From decoupling to rapprochement
Phase One of Sino- American Trade Deal
By Monika Sethuraman
Beneath the veils of a highly intensified two-year-long trade spat between the two major economic powerhouses of the world, The United States of America and China, is a disguised form of power struggle, economic protectionism, desire to sustain hegemony, and quest for global dominance. As scholars grabble out between offensive realism, power transition theory, peaceful accommodation, partial accommodation, war, change in the international order, and Thucydides trap, there is a need to re-examine various International relations theories in the context of the detente reached by the United States and China through Phase one of the trade deal.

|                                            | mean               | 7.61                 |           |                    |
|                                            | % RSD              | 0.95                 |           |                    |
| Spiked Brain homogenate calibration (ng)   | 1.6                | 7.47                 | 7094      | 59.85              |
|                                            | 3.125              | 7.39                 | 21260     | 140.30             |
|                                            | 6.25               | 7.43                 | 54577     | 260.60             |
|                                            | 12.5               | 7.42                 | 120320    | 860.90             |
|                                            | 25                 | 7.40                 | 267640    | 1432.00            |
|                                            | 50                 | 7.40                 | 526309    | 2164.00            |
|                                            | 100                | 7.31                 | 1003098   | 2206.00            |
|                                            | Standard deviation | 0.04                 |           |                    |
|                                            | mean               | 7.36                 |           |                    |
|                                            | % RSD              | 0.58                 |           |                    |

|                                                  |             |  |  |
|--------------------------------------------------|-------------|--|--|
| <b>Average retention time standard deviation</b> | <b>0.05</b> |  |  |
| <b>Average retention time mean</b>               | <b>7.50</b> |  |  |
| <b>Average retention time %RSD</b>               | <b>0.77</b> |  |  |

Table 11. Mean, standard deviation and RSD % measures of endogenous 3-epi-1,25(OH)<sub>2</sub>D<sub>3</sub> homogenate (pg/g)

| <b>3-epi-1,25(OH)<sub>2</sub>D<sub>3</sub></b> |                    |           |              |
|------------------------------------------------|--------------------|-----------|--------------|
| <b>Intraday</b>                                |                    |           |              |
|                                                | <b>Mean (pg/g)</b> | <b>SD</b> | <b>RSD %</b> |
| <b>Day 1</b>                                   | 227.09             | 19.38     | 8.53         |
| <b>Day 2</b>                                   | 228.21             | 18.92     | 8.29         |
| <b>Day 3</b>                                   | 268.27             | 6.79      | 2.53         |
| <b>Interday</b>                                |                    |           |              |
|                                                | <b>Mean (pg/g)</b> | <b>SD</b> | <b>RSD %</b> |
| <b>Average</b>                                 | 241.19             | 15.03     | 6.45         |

As the United States Trade Representatives rejoice over the partial success of China’s agreement and commitment to abide by Phase One of the Trade Deal, Asian markets closed on August 25, 2020, at a two-year new high. (Eric Beech 2020) For decades, Washington pursued a policy of ‘Kantian Tripod’ that global stability can only be achieved with a combination of democracy, globalization, and liberal international institutions. Since the post-cold war world, the USA enjoyed a unipolar momentum and does not wish to see its established status quo shaken by a rising China in the future. The trade fall-out between the United States and China since 2018, although an outcome of US’s populist politics and domestic politicking it had ripple effects across the globe. President Trump came to office with a mandate to reduce the trade deficit, as he believed that the USA is losing its economic and technological dominance and under-performing on the trade front, a testimony to it being the increased trade deficit since the industrial era (Irwin 2016).